Linux Sucks. Gloriously.


Sometime on the 31st of July, I was trying to figure out why my computer wasn’t properly recognising one of the drives that was in it, so I decided to format it to see if that helped.



As it turns out, that drive had my Windows OS on it.

(The reason I didn’t know this was because it wasn’t listed separately to the other drive I was using, Windows somehow merged them and I always thought it just didn’t work)

Thus began my 2 week long, cold-turkey dive into using Linux as my primary desktop OS.

These are my stories. *dun dun*


Prelude – I think I can, I think I can!

In the week leading up to this fateful day, I had been toying with the idea of dual-booting Linux to ease myself into it (hence the fiddling with the drives, and also thankfully the full system image I had created to keep my data safe).
This meant that not only was I mentally prepared to start using Linux, but I also had the installation media handy.
Faced with the prospect of laboriously re-installing windows and its drivers and its updates all over again, or finally getting into Linux like I’ve always meant to do… I went with the fun one.

Being a follower of Bryan Lunduke (see also: title of this post), I obviously went with openSUSE as my distro of choice.

(Plus look at the little guy, so cute and cheery!)

I dabbled a little with Tumbleweed for a day or so before realising, ‘breaks quite often’ is not what I am looking for in an at-home desktop, and switched to Leap 42.3 for the remainder.

At around the same time, Secret World Legends released on Steam and I decided I wanted to get back into it. So my goal was to play it on Linux. Once I got there, I could happily run Linux as my main Desktop, sure in the knowledge that ‘anything is possible’.
Little did I know what a fight I was in for.
Keep in mind, I have had formal training in Linux Sysadmin and configuration with RHEL, so I am not all that fresh faced, but I’ve never needed to do anything more complex than throw together a basic webserver (this one actually), so I’m hardly a guru either.
All I really wanted was to get set up with a desktop environment that ‘just works’ but with all the nifty features of Linux.
I’m no super-tuner or hyper-aggressive power-user. I’m just an interested user.


Chapter 1 – A Challenge… Appears?

I encountered my first problem with the first page of the installer.
By which I mean before even seeing it.
By which I mean trying to get it to appear.

(What I got)

(What I was meant to get)

Seeing a blank black screen with a blinking white cursor instead of a nice pleasant installer was not a good omen for the rest of my Linux experience, but Linux is about nothing if not diving into solving technical problems, so dive I did.

To cut a long story short, once I eventually remembered that actual Linux had virtual terminals (I had always previously ssh’d into Linux, so I had forgotten), I switched to one and figured out that it WAS displaying the installer page. Just not on any of the screens sitting in front of me. It was instead detecting the switched off smart TV behind me (that I had hooked up as a third monitor while running windows so that I could stream TV from bed), as my primary screen.
Unplugging that rewarded me with the ability to actually install something.



Chapter 2 – Stop WINE-ing at me!

Now that I could see what I was doing, I did. I installed my beautiful tiny fast operating system onto my beautiful tiny fast SSD.

This was my first mistake.


While openSUSE defaults to BTRFS, which has out of the box support and some degree of optimisation for SSD’s, what I did not anticipate was that the plan to have the OS on the SDD and the data on the HDD would cause WINE to throw a tantrum.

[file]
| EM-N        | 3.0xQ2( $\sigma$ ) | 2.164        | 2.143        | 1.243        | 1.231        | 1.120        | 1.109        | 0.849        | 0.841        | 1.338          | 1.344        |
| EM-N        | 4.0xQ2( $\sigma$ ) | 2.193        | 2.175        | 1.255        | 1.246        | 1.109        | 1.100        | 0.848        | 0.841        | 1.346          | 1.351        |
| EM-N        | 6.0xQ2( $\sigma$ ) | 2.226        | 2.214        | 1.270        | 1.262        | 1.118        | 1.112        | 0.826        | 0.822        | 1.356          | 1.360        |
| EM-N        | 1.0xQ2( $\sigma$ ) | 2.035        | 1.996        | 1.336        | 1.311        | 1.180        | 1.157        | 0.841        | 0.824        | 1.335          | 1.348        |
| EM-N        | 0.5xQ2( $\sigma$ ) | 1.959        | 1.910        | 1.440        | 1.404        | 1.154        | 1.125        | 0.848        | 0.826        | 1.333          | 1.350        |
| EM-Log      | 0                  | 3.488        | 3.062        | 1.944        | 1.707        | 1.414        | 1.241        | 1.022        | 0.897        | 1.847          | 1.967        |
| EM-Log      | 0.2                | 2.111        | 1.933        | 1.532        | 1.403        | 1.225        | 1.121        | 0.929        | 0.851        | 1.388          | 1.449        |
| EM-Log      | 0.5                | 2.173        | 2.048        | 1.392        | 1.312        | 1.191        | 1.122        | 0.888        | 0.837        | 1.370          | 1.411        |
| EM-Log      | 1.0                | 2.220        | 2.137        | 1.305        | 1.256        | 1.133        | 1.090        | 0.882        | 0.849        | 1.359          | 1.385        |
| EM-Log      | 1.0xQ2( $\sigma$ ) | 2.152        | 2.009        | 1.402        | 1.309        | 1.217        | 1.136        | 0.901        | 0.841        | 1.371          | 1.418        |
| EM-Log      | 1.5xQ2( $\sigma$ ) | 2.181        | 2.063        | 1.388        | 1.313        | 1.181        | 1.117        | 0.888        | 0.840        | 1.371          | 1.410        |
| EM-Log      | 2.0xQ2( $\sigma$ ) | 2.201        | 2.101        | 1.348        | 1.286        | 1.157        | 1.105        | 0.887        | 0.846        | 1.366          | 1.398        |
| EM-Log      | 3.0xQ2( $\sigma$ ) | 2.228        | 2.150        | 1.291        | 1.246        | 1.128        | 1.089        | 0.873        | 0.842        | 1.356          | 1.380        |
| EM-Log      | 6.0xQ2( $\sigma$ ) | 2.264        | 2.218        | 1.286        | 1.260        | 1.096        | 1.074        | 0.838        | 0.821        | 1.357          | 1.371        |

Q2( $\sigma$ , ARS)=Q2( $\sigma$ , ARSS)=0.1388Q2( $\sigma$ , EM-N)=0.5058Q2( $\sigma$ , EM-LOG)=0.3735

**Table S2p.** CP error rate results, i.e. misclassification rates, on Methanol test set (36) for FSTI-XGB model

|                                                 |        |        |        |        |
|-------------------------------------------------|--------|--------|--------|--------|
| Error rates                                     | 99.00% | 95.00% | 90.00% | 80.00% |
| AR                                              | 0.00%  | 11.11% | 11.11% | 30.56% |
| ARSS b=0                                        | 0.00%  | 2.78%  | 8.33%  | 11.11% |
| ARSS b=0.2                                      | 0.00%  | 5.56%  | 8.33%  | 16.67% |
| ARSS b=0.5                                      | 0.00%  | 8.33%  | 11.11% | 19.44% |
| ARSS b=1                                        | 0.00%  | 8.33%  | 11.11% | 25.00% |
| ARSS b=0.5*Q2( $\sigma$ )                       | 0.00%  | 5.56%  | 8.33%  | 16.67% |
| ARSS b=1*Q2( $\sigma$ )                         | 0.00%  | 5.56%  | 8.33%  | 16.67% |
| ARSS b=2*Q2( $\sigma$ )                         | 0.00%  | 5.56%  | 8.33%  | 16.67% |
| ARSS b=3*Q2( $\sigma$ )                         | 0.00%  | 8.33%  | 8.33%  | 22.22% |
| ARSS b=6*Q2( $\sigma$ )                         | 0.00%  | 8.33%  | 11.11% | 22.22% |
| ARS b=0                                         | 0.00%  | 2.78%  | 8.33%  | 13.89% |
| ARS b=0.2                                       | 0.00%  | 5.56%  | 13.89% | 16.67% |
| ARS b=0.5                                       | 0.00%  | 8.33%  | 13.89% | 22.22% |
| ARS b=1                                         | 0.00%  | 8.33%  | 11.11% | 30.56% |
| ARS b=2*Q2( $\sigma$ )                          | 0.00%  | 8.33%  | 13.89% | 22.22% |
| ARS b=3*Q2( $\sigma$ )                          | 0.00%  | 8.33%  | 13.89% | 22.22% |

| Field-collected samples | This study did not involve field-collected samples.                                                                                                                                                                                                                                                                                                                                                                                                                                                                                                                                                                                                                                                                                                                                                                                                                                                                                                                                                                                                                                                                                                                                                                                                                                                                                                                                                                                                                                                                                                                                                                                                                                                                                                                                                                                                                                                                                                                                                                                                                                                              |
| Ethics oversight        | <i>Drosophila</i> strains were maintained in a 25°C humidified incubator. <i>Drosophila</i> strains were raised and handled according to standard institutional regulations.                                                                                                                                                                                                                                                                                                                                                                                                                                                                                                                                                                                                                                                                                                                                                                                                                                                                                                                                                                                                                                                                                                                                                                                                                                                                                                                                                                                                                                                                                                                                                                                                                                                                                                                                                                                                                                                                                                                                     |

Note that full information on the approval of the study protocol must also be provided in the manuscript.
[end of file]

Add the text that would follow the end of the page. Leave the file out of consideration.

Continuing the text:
Of course, I came to this discovery only AFTER configuring my desktop and my settings, logging into things and installing everyday programs like Vivaldi, Thunderbird, Discord, Steam for Linux,

NB: Steam for Linux is not great. Steam under WINE worked better than Native Steam…
Maybe it was the distro, maybe it was the app version, maybe it was KDE, but whatever it was, Steam for Linux was crippled from the start.
It had a system tray icon, but it didn’t do anything. No right click menu, not even double click to open. It just sat there.
And sure it filtered on Linux games by default, and the store works (unlike the WINE version), and yes it installed the linux games. But no it did not run them.
Clicking play did nothing. Not a thing. Opening the folder and running one of the linux-y things ( or gamename.bin) worked just fine, but there was also a .exe in the directory, so my theory is that Steam was trying to run it and not knowing how and stopping again.
All-in-all, underwhelming for a company that rolled their own linux distro specifically to support gaming. I stopped installing it rather quickly and stuck with the WINE version.
But I digress.

and WINE (With Steam and some games for testing, running under it).

Oh well, that was fun while it lasted, guess I’ll have to confine myself to the HDD after all…

At least Linux is faster than Windows so it won’t be too bad.


Chapter 3 – It was bad.

Hello again Yast Installer. Long time no… Oh right.

Fortunately it’s a perfectly pleasant and sensible installer for the most part, though why it defaults to ‘manually specify an IP but provide no defaults’ instead of ‘get IP from DHCP’ for the network settings, I have no idea. But I’m sure they have their reasons.

The installation went okay. No major hiccups, I was up and running again!

By now I’m starting to see that Linux is surprisingly fragile. Startlingly so (see also: All the other chapters). Imagine MC Escher drew a game of Jenga. Stuff stands up that logically should fall down, stuff falls down that logically should stand up, and there’s no way to know which before you tap on it. You just have to try not to tap on anything unless you absolutely have to.